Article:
Despite political arguments and lawsuits, the U.S. Government is unlikely to change its current control over or support for Fannie Mae and Freddie Mac, argues Nikola G. Swann and his team of analysts at Standard and Poor's, the credit rating agency that notoriously failed to predict the last housing crisis.
In a report to clients, Swann writes the political impasse in Washington, the fact Fannie and Freddie are now working reasonably well, and the more or less recovery of the housing markets makes the former radical schemes of privatization or full socialization unlikely. That could change, he adds: if Republicans or Democrats sweep both Presidency and Congress in next year's elections; when the housing market collapses again; or if the investor lawsuits accusing the U.S. Treasury of ripping off Fannie and Freddie shareholders threaten to cost the government hundreds of billions of dollars.
Here's what Swann says about the lawsuits: "The U.S. Treasury's decision to modify, in 2012, the Preferred Stock Purchase Agreements (PSPAs) governing the terms of its financial support to Fannie and Freddie led to the filing of a number of lawsuits against the government by private-sector shareholders of these two GREs.
"The chief point of contention is the 'full income sweep,' which replaced a set 10% dividend payment on Treasury's preferred shares with an indefinite, quarterly sweep of every dollar of profit each firm earns." The plaintiffs, including Delaware and Wall Street-based investor Gary Hindes, say the government's "'full income sweep' amounted to unlawful seizure of private property, for which they are seeking compensation, and violated the conservatorship goal of restoring the companies to a 'sound and solvent condition.'"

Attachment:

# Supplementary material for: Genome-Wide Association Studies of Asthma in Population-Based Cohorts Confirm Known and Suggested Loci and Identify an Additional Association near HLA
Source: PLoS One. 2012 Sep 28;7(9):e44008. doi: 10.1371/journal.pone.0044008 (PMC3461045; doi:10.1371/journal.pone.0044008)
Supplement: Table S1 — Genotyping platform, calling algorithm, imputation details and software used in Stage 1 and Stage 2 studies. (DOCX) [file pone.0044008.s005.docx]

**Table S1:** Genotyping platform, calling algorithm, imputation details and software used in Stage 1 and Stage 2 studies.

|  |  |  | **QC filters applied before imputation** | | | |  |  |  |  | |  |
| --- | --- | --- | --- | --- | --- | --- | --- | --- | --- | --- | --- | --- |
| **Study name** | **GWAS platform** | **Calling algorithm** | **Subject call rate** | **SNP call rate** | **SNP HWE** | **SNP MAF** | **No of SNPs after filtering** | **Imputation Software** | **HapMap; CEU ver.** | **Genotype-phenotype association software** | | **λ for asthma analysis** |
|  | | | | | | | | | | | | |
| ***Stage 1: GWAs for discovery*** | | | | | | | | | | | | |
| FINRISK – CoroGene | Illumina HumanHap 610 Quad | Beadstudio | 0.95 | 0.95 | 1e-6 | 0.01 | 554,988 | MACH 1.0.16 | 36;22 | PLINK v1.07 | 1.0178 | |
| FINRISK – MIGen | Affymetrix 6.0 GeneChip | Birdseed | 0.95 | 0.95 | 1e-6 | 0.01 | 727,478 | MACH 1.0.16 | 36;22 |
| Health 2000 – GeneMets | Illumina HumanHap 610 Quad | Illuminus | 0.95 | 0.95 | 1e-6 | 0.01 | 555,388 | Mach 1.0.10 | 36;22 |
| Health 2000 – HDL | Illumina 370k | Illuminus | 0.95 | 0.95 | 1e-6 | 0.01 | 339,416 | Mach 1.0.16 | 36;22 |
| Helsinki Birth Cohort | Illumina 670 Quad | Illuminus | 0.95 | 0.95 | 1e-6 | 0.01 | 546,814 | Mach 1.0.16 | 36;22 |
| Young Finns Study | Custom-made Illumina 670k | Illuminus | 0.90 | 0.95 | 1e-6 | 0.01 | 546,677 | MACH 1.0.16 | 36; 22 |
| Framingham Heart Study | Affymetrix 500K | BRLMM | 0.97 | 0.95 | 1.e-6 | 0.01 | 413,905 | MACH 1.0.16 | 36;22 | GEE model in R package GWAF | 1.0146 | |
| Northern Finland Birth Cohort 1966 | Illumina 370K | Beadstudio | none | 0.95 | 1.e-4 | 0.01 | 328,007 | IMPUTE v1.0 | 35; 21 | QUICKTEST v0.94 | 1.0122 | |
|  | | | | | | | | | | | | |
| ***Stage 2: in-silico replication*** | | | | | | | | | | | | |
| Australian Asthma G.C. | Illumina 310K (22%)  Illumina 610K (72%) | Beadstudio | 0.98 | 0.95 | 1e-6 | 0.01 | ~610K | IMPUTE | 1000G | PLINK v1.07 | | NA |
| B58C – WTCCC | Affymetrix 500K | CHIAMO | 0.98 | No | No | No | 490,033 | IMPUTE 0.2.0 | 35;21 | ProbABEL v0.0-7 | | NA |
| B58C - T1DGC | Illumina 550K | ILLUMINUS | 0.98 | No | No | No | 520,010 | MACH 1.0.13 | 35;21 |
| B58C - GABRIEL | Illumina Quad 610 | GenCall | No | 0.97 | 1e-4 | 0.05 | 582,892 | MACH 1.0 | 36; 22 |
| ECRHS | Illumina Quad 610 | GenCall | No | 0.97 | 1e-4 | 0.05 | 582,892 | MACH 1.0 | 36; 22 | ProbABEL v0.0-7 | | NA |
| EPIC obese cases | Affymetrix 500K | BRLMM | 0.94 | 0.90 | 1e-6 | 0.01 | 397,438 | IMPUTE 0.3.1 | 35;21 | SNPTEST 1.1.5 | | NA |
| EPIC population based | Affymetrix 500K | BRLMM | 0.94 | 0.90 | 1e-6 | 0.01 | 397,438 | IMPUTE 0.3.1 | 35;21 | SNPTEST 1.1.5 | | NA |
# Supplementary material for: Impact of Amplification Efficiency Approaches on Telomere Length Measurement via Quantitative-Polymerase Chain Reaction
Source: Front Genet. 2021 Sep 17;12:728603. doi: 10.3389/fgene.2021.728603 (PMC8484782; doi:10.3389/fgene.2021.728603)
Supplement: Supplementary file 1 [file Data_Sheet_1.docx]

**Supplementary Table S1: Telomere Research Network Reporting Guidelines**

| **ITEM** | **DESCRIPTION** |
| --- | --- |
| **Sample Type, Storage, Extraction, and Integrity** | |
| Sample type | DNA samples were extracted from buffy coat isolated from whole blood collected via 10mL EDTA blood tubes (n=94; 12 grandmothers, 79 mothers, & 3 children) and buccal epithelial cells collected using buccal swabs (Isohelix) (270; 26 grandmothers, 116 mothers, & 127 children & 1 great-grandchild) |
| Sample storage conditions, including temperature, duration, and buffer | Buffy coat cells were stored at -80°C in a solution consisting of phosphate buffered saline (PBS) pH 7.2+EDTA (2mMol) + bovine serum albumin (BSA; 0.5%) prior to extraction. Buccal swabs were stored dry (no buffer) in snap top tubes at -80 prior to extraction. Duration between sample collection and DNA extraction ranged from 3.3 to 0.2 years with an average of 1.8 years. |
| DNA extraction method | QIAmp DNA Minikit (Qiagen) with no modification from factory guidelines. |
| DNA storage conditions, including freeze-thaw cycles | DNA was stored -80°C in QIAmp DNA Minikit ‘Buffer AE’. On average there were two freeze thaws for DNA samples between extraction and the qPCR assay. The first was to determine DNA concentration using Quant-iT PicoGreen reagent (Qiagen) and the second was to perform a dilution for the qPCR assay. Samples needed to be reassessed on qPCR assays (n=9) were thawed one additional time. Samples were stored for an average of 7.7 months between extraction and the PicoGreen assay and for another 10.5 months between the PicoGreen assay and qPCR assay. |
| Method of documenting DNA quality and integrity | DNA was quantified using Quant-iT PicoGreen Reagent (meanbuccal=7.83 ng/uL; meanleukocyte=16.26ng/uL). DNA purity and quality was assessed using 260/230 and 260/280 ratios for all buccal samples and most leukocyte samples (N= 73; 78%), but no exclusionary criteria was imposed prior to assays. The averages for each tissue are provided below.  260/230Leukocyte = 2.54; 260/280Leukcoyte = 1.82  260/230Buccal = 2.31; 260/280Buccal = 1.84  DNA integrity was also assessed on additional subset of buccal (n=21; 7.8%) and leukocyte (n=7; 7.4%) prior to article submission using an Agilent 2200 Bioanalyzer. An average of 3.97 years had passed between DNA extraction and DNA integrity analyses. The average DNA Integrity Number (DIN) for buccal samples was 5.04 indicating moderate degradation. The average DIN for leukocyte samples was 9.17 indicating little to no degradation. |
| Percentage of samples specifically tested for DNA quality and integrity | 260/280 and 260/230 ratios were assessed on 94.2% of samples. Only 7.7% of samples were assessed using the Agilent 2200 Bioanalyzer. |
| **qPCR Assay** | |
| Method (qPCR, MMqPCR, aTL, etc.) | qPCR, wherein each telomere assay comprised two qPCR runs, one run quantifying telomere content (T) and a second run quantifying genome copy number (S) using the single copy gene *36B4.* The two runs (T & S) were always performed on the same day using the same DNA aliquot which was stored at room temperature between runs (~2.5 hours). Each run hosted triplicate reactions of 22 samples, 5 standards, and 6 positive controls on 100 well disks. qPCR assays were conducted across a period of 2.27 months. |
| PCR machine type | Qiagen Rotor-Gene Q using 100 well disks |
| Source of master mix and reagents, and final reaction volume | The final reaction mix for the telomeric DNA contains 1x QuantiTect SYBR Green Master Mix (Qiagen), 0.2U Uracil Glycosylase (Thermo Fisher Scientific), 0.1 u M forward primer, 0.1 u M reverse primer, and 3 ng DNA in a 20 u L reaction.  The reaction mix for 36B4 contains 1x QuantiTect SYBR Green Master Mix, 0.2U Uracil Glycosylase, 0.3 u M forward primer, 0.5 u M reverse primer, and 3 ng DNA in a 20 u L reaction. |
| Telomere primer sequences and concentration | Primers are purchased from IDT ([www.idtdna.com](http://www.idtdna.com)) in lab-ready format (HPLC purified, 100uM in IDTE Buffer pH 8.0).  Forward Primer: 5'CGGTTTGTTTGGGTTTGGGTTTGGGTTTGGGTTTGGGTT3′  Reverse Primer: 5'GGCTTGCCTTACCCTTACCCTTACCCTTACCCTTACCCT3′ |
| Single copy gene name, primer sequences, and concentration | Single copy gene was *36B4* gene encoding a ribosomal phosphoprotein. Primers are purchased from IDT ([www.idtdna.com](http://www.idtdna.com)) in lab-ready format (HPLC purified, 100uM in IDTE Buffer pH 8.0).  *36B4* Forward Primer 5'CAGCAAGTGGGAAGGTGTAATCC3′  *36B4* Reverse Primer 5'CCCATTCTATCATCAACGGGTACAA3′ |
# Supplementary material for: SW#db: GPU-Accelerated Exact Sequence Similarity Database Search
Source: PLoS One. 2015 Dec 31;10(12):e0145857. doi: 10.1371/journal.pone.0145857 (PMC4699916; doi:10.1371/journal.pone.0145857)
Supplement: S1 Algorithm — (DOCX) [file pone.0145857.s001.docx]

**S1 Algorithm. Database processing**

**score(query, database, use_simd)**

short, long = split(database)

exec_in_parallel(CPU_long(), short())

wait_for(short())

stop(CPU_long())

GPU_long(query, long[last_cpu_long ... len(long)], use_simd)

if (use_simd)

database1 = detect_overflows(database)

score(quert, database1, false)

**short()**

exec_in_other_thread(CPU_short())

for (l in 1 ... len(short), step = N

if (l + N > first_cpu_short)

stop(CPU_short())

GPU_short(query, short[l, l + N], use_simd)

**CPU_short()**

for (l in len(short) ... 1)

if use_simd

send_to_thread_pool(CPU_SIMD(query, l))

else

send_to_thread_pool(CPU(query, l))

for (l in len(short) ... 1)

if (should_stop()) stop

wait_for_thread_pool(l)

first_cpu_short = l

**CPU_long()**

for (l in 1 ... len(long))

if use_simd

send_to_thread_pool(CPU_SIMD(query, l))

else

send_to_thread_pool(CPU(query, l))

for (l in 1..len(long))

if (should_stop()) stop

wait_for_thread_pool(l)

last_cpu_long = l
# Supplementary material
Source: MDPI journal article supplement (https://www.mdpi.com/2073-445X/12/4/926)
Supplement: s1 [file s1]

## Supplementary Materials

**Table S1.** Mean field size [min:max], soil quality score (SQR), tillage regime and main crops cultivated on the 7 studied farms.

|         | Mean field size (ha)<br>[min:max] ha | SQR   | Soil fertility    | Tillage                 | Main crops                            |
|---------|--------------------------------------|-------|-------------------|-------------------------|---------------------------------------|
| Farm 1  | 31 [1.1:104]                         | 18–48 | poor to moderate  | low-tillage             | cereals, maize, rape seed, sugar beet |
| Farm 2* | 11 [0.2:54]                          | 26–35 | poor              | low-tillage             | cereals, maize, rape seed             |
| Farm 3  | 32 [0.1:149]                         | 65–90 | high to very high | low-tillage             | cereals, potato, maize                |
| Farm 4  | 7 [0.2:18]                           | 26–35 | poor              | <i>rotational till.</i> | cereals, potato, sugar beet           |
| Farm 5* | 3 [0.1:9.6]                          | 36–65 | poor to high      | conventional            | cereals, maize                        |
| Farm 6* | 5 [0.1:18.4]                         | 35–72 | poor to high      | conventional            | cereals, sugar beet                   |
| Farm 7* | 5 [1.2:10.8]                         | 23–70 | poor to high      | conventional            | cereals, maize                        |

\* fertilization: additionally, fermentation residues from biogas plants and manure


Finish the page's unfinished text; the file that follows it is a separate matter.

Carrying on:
Treasury has responded, Swann notes, "that it changed the terms to avoid Fannie or Freddie having to borrow from the Treasury to pay the set dividend, and noted that taxpayers continue to bear risks emanating from these entities, implying that this deserves compensation."
When and how will these suits be settled? S&P admits it has no idea (who does?)
Sure, "if court decisions were to award substantial damages to the plaintiffs, this could draw significant political attention. In the extreme, were courts to rule that the Treasury's 2012 modifications to the [housing finance agencies] were illegal and must be reversed, this could provoke Congress to join the Administration in reacting, via new legislation... One could envision Congress and the Administration deciding that the government should distance itself from the two entities" and finally privatize them, after all.